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No less dramatic, and certainly bloodier, were gladiatorial fights. The deadly spectacle arrived in Rome from southern Italy in 264 BCE and quickly attracted the attention of the masses. The first recorded fight between gladiators was a part of funeral games (munera) in honor of a Roman aristocrat. By the mid-first century BCE, gladiatorial fights were staged at state-sponsored festivals (ludi). The great popularity of these deadly spectacles in ancient Rome led to the construction of the first purpose-built venues —amphitheatres.
The Roman Theatre: Majestic but Hollow
Unlike in the Hellenistic East, where each important city had its own theatre building, Roman dramas were initially performed in temporary wooden structures. In ancient Rome, the first permanent Roman theatre was the Theatre of Pompey, built in 55 BCE by Pompey the Great. It was an enormous structure, capable of holding 20,000 spectators. At the time of its completion, the Theatre of Pompey was the largest building in Rome. The venue had a double role, acting as an elaborate stage and a victory monument for Pompey’s military campaigns. Ironically, Pompey’s architectural masterpiece would serve as a stage for a real drama — the assassination of his rival Julius Caesar, in 44 BCE.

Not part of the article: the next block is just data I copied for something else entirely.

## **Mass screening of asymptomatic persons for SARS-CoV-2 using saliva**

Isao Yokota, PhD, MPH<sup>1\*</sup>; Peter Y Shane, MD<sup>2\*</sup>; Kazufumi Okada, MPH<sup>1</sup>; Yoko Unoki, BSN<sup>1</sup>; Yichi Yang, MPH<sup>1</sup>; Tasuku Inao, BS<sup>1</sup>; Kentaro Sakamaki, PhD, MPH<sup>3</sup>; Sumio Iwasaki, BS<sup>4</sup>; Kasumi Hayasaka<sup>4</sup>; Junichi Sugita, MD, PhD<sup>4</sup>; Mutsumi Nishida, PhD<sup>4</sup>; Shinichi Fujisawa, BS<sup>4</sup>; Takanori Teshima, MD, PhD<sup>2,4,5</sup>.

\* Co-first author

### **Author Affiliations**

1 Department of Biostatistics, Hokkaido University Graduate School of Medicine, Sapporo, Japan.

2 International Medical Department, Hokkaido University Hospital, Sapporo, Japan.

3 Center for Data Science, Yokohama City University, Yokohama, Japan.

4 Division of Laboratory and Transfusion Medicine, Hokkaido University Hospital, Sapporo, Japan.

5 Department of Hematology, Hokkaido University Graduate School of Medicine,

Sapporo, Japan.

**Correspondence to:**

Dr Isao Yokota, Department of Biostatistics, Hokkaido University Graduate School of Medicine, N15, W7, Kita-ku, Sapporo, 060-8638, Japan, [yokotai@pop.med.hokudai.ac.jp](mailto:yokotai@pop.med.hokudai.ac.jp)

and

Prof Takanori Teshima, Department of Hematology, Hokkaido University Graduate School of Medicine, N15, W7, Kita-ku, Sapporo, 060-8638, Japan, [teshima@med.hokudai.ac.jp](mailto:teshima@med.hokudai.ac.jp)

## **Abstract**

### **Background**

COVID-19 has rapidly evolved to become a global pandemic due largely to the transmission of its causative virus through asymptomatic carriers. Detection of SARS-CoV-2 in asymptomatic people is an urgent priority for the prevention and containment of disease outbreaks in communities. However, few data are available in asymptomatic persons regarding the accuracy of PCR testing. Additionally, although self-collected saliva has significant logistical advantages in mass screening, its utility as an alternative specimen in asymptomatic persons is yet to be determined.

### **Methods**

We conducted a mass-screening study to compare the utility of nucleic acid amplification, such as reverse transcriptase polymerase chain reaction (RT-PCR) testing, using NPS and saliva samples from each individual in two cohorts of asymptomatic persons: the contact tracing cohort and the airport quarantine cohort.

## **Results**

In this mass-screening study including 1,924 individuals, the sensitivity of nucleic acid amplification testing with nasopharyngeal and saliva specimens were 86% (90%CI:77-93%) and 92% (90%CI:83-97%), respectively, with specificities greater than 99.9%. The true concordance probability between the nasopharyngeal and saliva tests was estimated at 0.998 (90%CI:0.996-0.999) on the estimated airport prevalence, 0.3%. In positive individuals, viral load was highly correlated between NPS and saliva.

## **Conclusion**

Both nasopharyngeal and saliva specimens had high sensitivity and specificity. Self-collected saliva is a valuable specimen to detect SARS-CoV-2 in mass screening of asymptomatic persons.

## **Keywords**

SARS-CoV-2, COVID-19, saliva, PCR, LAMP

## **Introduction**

Pompey’s building marked a new era for Roman theatre. The theatre was now an integral part of the urban landscape. Unlike the classical Greek model, carved from the hillside, the Roman theatre was a freestanding building, allowing for an elaborate external decoration and grandiose look. The larger inner space allowed for two to three-story-tall stage-front (scaenae frons), lavishly decorated with statues of gods and heroes, portraits of the imperial family, and local dignitaries. While the building remained unroofed, the huge awnings protected both the performers and the spectators from the effects of the weather.